Landholders encouraged to control horehound now
24 June 2019
Landholders across the Northern and Yorke region are urged to act now to control horehound (Marrubium vulgare), a noxious perennial weed first introduced to Australia as a medicinal herb in the early nineteenth century.
Natural Resources Northern and Yorke Landscape Ranger Denni Russell said that the Lower Mid North District team had recently commenced roadside and property inspections, focusing on priority areas including the Hundreds of Balaklava, Stow and Blyth.
“Horehound invades rural properties and, with large mature plants producing in excess of 20,000 seeds per year, will easily grow out of control if it isn’t managed effectively,” Ms Russell said.
“Horehound can have detrimental impacts on livestock production; the plants’ distinct odour taints milk and meat when consumed by stock, while the burrs get caught in wool, reducing the value of fleece,” Ms Russell said.
Horehound thrives in poor soil and tolerates drought, invades poor pastures and is a host to pest insect species. As well as being an agricultural weed of pastures, horehound has become an important environmental weed because of its ability to invade disturbed native vegetation. Individual seeds can survive in the soil for 7-10 years.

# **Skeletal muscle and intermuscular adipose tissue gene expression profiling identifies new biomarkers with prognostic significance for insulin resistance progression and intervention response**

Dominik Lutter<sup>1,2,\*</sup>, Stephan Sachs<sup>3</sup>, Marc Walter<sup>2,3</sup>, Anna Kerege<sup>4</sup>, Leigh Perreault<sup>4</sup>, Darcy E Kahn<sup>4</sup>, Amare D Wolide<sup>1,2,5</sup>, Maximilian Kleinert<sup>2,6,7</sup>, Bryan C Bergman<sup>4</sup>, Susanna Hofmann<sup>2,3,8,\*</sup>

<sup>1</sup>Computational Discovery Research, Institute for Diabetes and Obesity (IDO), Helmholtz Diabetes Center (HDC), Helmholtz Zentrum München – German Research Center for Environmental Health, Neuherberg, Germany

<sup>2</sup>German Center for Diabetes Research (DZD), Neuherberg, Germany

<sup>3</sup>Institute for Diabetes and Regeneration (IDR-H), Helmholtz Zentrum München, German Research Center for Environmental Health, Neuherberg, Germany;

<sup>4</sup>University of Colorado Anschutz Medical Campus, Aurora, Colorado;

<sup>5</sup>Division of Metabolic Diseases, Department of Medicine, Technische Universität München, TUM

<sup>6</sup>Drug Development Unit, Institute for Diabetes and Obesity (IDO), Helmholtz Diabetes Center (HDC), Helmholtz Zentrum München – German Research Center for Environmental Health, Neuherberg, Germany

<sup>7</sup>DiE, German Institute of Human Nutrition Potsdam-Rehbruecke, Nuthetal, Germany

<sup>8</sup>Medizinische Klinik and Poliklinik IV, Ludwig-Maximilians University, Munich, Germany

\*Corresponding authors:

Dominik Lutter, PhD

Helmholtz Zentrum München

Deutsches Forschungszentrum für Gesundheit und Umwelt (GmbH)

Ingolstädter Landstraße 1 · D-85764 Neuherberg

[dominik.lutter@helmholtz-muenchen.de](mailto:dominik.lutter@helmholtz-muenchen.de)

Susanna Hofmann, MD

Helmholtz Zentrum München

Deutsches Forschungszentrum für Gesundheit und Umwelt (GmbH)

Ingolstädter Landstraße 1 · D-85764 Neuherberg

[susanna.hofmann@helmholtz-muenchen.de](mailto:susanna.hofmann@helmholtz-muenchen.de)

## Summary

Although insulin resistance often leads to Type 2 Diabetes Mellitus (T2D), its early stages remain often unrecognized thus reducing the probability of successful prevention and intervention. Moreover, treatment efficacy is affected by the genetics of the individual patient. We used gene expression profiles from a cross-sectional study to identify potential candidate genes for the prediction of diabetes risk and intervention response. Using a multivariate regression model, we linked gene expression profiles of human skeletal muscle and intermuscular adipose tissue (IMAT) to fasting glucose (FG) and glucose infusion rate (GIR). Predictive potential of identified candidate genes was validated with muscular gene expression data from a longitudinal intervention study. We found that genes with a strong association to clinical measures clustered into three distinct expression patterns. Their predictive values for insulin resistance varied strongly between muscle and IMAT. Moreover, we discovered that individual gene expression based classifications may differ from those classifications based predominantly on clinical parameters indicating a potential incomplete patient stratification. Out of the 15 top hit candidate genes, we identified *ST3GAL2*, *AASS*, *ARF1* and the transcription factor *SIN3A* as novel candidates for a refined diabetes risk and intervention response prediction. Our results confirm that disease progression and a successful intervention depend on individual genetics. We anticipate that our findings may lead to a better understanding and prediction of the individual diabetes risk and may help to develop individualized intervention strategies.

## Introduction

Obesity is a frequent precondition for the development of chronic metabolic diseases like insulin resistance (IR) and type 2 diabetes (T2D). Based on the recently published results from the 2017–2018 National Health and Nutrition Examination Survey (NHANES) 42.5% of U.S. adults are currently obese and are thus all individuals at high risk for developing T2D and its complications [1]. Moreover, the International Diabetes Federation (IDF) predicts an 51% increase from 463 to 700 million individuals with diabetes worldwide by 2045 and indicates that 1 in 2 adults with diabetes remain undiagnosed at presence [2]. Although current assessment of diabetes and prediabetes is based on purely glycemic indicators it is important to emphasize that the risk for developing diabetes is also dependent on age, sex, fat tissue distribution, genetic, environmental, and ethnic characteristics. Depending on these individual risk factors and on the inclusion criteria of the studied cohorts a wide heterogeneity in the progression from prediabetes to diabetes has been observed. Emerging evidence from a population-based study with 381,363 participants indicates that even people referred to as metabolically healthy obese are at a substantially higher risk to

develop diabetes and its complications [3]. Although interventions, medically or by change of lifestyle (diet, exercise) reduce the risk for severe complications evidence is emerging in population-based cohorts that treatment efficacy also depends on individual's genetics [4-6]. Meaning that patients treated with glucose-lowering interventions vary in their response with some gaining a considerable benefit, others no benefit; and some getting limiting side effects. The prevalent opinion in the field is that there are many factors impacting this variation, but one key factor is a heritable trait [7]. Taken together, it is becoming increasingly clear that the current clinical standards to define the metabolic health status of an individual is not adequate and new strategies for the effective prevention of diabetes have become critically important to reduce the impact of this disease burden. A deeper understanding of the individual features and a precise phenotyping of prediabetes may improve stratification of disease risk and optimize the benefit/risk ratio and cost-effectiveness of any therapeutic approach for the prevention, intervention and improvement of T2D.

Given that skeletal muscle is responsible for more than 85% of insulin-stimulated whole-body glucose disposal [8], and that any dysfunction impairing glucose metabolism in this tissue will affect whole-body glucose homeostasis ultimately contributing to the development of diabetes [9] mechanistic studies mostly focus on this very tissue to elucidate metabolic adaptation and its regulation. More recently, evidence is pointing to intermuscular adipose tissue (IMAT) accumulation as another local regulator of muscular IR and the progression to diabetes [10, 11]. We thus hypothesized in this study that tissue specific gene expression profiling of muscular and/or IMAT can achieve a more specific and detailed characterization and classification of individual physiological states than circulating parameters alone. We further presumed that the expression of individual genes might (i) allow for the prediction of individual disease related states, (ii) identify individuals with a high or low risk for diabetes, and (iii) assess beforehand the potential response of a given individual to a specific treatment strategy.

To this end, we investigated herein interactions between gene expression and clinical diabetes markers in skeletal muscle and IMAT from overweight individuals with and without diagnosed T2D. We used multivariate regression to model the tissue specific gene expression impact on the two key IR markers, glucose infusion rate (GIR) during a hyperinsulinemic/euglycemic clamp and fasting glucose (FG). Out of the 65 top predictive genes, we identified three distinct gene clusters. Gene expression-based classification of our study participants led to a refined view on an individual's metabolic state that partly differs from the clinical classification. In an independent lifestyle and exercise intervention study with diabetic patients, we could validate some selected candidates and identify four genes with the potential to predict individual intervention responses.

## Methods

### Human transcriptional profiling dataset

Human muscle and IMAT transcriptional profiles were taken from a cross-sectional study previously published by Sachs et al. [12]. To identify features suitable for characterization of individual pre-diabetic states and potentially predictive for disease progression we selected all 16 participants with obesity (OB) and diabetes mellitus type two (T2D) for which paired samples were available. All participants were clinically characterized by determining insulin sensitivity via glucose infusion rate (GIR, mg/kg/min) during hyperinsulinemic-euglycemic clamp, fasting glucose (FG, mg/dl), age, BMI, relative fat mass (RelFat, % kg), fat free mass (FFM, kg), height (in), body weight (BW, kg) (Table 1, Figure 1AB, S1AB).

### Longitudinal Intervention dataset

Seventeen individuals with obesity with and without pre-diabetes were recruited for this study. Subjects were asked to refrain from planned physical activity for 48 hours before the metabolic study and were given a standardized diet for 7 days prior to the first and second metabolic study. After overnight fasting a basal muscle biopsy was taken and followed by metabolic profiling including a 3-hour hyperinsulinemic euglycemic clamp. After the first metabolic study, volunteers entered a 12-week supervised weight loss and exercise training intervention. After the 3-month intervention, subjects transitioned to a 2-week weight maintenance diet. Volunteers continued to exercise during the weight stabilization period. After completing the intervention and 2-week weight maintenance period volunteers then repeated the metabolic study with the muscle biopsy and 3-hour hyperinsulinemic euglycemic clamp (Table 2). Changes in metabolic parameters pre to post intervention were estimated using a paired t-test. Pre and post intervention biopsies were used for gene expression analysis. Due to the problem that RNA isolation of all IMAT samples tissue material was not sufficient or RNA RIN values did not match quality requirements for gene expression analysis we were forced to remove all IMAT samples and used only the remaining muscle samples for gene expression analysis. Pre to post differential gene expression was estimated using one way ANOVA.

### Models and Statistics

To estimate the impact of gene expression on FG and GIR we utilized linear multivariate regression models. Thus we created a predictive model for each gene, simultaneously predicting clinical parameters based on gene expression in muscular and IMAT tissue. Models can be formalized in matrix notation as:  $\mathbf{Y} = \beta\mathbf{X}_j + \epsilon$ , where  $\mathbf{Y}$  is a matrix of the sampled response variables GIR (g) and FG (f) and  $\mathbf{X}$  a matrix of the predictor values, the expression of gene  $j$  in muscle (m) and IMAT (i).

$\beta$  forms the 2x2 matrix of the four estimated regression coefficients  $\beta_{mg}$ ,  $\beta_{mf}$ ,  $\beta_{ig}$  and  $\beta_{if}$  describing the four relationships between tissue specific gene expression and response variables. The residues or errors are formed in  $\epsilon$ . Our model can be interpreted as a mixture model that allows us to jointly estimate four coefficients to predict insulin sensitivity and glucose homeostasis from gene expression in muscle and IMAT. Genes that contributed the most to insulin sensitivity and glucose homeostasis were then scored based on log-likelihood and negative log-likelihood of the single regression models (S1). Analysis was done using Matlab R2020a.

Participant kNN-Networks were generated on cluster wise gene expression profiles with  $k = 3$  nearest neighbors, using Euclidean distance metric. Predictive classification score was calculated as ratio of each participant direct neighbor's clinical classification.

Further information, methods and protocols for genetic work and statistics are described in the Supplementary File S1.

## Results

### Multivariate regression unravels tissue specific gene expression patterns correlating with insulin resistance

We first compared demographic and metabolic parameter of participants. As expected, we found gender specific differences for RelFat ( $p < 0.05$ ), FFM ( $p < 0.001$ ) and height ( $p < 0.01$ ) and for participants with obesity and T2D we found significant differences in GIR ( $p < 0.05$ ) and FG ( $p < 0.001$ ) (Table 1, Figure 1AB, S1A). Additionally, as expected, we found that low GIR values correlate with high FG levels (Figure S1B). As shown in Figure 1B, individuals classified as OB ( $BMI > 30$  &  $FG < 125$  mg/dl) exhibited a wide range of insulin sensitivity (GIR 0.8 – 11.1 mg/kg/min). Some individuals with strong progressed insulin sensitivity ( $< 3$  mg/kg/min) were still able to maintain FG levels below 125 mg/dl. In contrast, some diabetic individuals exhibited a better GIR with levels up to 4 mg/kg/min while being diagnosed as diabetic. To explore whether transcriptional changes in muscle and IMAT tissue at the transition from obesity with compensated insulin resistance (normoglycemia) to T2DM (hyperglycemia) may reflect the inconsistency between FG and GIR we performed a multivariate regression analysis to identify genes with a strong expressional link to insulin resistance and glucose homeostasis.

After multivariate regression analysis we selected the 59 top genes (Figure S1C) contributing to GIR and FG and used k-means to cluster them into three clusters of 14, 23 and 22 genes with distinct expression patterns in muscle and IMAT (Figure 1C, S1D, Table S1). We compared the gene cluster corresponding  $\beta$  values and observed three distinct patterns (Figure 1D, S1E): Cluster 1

Ms Russell said the strategic release of the natural biocontrol agent, the Horehound Plume Moth (Wheeleria spilodactylus) is planned for the start of summer.
“The Horehound Plume Moth was first introduced to the area in 1997 as part of an integrated approach to help control weeds,” Ms Russell said.
“The grub is specific to horehound and the caterpillar (larva) feed on the growing tips of the plants, working their way down the shoot, progressively defoliating the stem. This weakens the plant and reduces the number of seeds and flowers produced.
“When active, it can heavily reduce the plants’ seeding capability and reduce the size of infestations.
“Natural Resources Northern and Yorke staff have been encouraging Horehound Plume Moth establishment in nursery areas to provide insects to distribute around the region.”
Ms Russell said that despite the success rates of the Horehound Plume Moth, it isn’t a standalone method and other management techniques should be used in conjunction with the release.
“Other prescribed measures include the application of a registered herbicide, cultivation and physical removal.”
Landowners have a legal responsibility to control the spread of horehound weed under the South Australian Natural Resources Management Act 2004. Horehound is one of the district’s top ten weeds identified within the Lower and Mid North NRM District Weed Action Plan.
For assistance in managing horehound or other declared weeds, please contact the Natural Resources Centre in Clare on 8841 3444.